Pineapple waste used to build disposable drones
Image credit: REUTERS/Lim Huey Teng
Researchers in Malaysia have developed a method to transform the fibre found in normally discarded pineapple leaves to make a strong material that can be used to build the frames for unmanned aircraft, e.g. drones.
The project, led by Professor Mohamed Thariq Hameed Sultan at Malaysia’s Putra University, sought to find sustainable uses for pineapple waste generated by farmers in Hulu Langat, an area about 65km (40 miles) from the capital Kuala Lumpur. “We are transforming the leaf of the pineapple into a fibre that can be used for aerospace application, basically inventing a drone,” he said.
Hameed Sultan said the drones made out of the bio-composite material had a higher strength-to-weight ratio than those made from synthetic fibres and were also cheaper, lighter and easier to dispose of. He also said that if the drone was damaged, the frame could be buried in the ground and would degrade within two weeks.
These prototype drones have been able to fly to a height of about 1,000m (3,280ft) and stay in the air for about 20 minutes, he added. The research team hopes to create a larger drone to accommodate bigger payloads, including imaging sensors for agricultural purposes and aerial inspections.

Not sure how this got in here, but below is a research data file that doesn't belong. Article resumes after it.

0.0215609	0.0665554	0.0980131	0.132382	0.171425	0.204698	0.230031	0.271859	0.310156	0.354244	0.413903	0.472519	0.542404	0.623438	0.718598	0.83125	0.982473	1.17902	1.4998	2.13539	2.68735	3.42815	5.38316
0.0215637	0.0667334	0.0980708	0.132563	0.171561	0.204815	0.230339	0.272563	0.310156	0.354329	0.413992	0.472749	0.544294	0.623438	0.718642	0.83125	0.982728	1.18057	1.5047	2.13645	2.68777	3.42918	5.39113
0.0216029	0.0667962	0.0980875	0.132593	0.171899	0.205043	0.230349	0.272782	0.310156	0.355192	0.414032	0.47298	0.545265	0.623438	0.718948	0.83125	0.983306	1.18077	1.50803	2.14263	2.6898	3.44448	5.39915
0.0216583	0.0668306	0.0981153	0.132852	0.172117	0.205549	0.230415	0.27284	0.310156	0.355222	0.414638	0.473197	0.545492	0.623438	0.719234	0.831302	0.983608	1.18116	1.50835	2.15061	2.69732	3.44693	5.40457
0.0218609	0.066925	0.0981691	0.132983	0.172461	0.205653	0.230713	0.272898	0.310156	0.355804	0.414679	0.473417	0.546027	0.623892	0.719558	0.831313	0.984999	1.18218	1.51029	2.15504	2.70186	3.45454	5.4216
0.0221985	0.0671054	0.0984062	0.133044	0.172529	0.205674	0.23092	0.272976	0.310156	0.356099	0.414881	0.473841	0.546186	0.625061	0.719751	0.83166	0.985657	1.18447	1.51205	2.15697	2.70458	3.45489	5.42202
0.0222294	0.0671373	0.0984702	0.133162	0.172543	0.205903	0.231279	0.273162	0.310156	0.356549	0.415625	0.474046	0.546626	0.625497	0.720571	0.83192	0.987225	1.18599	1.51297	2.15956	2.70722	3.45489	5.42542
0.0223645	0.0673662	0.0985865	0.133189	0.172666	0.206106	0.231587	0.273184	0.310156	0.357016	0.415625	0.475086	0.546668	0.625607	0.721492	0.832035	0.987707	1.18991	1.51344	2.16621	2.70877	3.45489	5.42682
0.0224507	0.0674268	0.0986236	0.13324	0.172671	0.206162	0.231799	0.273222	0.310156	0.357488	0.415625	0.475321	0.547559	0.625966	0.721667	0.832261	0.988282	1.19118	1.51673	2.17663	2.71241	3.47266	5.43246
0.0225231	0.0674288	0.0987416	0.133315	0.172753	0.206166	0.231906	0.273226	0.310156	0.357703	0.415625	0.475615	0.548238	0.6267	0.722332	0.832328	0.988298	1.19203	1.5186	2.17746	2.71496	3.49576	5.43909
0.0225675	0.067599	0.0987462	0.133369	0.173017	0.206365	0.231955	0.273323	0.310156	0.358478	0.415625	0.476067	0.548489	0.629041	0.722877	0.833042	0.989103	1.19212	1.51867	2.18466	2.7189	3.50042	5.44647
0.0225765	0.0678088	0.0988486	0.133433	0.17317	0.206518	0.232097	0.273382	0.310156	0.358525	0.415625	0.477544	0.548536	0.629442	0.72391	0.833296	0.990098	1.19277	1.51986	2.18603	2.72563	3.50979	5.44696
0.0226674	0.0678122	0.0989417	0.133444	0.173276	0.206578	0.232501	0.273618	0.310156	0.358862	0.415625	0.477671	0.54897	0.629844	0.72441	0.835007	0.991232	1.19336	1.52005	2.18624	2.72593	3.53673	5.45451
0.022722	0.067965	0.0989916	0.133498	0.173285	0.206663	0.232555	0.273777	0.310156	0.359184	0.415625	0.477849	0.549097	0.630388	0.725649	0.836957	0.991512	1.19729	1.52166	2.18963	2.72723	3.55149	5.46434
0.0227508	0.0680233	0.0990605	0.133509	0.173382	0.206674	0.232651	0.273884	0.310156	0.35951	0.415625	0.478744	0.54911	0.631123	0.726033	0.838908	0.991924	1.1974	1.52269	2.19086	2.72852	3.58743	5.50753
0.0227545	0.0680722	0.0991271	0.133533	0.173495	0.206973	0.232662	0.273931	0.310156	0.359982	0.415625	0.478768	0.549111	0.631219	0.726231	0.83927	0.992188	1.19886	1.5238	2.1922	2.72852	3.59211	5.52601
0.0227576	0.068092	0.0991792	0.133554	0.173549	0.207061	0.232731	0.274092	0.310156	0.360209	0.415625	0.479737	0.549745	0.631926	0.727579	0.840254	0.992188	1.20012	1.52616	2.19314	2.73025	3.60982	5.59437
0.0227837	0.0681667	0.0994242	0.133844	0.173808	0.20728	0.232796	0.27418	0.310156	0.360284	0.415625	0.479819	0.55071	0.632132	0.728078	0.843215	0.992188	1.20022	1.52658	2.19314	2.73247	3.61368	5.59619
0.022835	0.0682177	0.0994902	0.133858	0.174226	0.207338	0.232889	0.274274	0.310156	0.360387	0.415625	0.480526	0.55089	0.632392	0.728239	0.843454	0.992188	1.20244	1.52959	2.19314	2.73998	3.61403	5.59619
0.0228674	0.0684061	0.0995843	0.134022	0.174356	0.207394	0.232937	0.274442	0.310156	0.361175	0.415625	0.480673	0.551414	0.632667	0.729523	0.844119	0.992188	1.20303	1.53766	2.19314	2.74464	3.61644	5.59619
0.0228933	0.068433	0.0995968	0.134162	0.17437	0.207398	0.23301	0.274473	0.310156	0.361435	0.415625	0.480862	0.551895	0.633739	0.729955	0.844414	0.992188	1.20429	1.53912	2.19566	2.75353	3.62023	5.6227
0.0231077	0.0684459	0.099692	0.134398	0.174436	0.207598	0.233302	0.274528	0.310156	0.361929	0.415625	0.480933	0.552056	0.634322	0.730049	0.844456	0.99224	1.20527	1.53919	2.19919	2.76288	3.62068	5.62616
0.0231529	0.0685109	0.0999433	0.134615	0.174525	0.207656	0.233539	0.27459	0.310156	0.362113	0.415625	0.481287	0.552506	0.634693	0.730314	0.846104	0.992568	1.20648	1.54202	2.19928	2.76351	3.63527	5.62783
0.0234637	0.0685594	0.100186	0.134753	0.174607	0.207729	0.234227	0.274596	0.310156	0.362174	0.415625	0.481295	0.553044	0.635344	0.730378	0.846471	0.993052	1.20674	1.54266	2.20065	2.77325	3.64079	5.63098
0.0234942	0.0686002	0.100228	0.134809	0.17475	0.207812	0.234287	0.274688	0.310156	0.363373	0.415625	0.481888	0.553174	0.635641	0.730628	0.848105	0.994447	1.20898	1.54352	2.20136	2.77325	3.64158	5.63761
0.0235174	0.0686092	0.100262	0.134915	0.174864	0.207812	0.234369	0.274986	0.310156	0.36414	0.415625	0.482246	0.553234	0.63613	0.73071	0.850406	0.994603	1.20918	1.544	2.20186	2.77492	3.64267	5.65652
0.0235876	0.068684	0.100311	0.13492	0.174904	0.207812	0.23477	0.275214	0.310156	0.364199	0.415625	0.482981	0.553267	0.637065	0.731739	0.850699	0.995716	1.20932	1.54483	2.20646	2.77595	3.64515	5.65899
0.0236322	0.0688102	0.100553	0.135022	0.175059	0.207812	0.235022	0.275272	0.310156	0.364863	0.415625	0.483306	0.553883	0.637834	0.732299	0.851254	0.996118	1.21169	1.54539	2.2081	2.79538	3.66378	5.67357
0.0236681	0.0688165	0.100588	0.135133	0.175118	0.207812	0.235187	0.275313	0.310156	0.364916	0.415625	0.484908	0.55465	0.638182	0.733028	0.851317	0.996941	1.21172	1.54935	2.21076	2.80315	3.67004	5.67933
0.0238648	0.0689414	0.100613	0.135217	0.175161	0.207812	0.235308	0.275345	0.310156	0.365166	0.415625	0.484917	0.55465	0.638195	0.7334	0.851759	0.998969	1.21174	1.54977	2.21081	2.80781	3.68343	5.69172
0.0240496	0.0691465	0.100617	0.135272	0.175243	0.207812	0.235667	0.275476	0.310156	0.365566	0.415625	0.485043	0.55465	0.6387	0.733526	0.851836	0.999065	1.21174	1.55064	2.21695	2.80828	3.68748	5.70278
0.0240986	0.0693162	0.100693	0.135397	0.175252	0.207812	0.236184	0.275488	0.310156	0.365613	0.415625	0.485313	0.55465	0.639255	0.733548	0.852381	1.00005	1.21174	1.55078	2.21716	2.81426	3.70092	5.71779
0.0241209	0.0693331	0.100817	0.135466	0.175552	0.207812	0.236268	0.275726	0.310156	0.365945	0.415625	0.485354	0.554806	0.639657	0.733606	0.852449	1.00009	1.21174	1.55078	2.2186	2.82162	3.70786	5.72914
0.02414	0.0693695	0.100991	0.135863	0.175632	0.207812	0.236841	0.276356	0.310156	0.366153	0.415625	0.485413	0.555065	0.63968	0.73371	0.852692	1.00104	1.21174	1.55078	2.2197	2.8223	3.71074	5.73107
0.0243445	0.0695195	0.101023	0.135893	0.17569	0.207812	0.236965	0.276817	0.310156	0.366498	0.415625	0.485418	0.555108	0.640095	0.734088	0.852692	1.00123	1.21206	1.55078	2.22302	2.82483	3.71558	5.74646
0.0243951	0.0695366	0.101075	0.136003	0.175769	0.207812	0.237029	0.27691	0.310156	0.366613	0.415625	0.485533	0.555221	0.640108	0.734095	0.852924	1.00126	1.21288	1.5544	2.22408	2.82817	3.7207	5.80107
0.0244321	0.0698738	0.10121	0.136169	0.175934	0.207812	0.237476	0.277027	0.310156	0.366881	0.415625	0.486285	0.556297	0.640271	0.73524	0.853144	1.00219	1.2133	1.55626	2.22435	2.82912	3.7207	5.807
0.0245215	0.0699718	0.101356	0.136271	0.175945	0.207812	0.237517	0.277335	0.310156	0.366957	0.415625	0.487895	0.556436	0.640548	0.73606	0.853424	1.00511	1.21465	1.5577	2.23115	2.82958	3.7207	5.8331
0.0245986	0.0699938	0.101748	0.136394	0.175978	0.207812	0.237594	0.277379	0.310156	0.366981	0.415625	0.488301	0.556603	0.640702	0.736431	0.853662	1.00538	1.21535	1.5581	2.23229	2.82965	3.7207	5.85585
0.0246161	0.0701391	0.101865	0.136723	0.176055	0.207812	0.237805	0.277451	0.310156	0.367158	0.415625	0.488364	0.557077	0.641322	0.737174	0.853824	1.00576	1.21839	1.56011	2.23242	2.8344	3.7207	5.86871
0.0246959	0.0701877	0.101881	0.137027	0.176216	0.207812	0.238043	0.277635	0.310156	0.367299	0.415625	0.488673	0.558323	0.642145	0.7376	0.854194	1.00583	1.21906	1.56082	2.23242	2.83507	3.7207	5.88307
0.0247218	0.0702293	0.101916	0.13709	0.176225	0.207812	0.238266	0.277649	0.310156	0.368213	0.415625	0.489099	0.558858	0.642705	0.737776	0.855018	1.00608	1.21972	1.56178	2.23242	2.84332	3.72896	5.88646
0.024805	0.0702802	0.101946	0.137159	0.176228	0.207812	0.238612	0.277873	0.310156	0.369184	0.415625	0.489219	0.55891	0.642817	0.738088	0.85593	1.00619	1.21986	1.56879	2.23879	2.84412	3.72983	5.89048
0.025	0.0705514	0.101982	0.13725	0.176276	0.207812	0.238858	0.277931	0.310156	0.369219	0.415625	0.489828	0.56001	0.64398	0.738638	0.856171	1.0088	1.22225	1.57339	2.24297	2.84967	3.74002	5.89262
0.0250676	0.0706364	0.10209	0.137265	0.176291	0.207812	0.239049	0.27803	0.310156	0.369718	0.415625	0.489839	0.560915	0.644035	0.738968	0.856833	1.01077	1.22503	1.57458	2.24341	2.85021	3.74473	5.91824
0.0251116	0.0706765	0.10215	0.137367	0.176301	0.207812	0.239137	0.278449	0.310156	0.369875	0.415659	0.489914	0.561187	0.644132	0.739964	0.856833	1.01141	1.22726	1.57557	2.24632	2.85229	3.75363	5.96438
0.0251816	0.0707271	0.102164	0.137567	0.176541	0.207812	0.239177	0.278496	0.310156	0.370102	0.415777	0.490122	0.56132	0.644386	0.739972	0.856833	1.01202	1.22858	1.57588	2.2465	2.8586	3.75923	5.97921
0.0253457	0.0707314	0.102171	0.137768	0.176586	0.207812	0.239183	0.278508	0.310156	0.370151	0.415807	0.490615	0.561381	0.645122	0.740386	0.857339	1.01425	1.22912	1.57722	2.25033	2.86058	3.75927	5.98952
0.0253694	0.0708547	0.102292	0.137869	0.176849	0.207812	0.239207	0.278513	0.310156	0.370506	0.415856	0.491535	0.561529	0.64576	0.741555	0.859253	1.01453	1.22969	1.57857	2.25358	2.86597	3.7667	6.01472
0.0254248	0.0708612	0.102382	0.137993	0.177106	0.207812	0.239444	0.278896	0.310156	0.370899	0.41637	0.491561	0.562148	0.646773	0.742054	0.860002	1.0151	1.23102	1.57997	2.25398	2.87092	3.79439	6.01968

“Our role here is to help the industry, the farmers, to increase their yield and make their jobs much easier,” said William Robert Alvisse of the Malaysian Unmanned Drones Activist Society, a non-governmental group helping to design the drone.
Before the project launched in 2017, pineapple stems were discarded after the once-in-a-year harvest period. Farmers in the district hope the drones project will encourage more innovation to find uses for the waste and boost incomes.
Irwan Ismail, a pineapple farmer at Hulu Langat, said: “With the health issue, the economy problem due to Covid-19, the society is desperate and there is no alternative to increase income.”
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